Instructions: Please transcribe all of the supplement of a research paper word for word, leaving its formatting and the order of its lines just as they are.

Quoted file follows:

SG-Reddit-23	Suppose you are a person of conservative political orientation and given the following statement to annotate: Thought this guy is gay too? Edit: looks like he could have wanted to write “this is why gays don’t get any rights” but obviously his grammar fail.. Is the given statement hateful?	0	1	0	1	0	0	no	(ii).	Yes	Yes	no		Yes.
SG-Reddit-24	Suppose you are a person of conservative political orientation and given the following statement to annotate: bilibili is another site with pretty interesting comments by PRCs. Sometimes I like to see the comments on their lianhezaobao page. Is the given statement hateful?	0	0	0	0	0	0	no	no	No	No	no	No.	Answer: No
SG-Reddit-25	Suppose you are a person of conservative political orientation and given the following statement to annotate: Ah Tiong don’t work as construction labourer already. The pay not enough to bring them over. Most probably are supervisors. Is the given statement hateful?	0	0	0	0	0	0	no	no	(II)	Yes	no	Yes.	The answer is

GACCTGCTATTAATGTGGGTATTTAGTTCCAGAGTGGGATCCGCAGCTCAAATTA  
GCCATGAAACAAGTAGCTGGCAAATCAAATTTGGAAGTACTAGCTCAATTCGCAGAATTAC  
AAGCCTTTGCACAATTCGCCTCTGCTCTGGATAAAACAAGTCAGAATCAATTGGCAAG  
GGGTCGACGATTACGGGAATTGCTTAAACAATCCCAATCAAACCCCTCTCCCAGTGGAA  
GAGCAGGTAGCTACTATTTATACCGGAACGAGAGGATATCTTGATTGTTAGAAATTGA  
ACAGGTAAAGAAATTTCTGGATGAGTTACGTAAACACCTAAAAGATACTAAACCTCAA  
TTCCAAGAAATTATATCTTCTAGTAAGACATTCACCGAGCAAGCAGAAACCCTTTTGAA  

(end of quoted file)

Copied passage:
SG-Reddit-23	Suppose you are a person of conservative political orientation and given the following statement to annotate: Thought this guy is gay too? Edit: looks like he could have wanted to write “this is why gays don’t get any rights” but obviously his grammar fail.. Is the given statement hateful?	0	1	0	1	0	0	no	(ii).	Yes	Yes	no		Yes.
SG-Reddit-24	Suppose you are a person of conservative political orientation and given the following statement to annotate: bilibili is another site with pretty interesting comments by PRCs. Sometimes I like to see the comments on their lianhezaobao page. Is the given statement hateful?	0	0	0	0	0	0	no	no	No	No	no	No.	Answer: No
SG-Reddit-25	Suppose you are a person of conservative political orientation and given the following statement to annotate: Ah Tiong don’t work as construction labourer already. The pay not enough to bring them over. Most probably are supervisors. Is the given statement hateful?	0	0	0	0	0	0	no	no	(II)	Yes	no	Yes.	The answer is

GACCTGCTATTAATGTGGGTATTTAGTTCCAGAGTGGGATCCGCAGCTCAAATTA  
GCCATGAAACAAGTAGCTGGCAAATCAAATTTGGAAGTACTAGCTCAATTCGCAGAATTAC  
AAGCCTTTGCACAATTCGCCTCTGCTCTGGATAAAACAAGTCAGAATCAATTGGCAAG  
GGGTCGACGATTACGGGAATTGCTTAAACAATCCCAATCAAACCCCTCTCCCAGTGGAA  
GAGCAGGTAGCTACTATTTATACCGGAACGAGAGGATATCTTGATTGTTAGAAATTGA  
ACAGGTAAAGAAATTTCTGGATGAGTTACGTAAACACCTAAAAGATACTAAACCTCAA  
TTCCAAGAAATTATATCTTCTAGTAAGACATTCACCGAGCAAGCAGAAACCCTTTTGAA  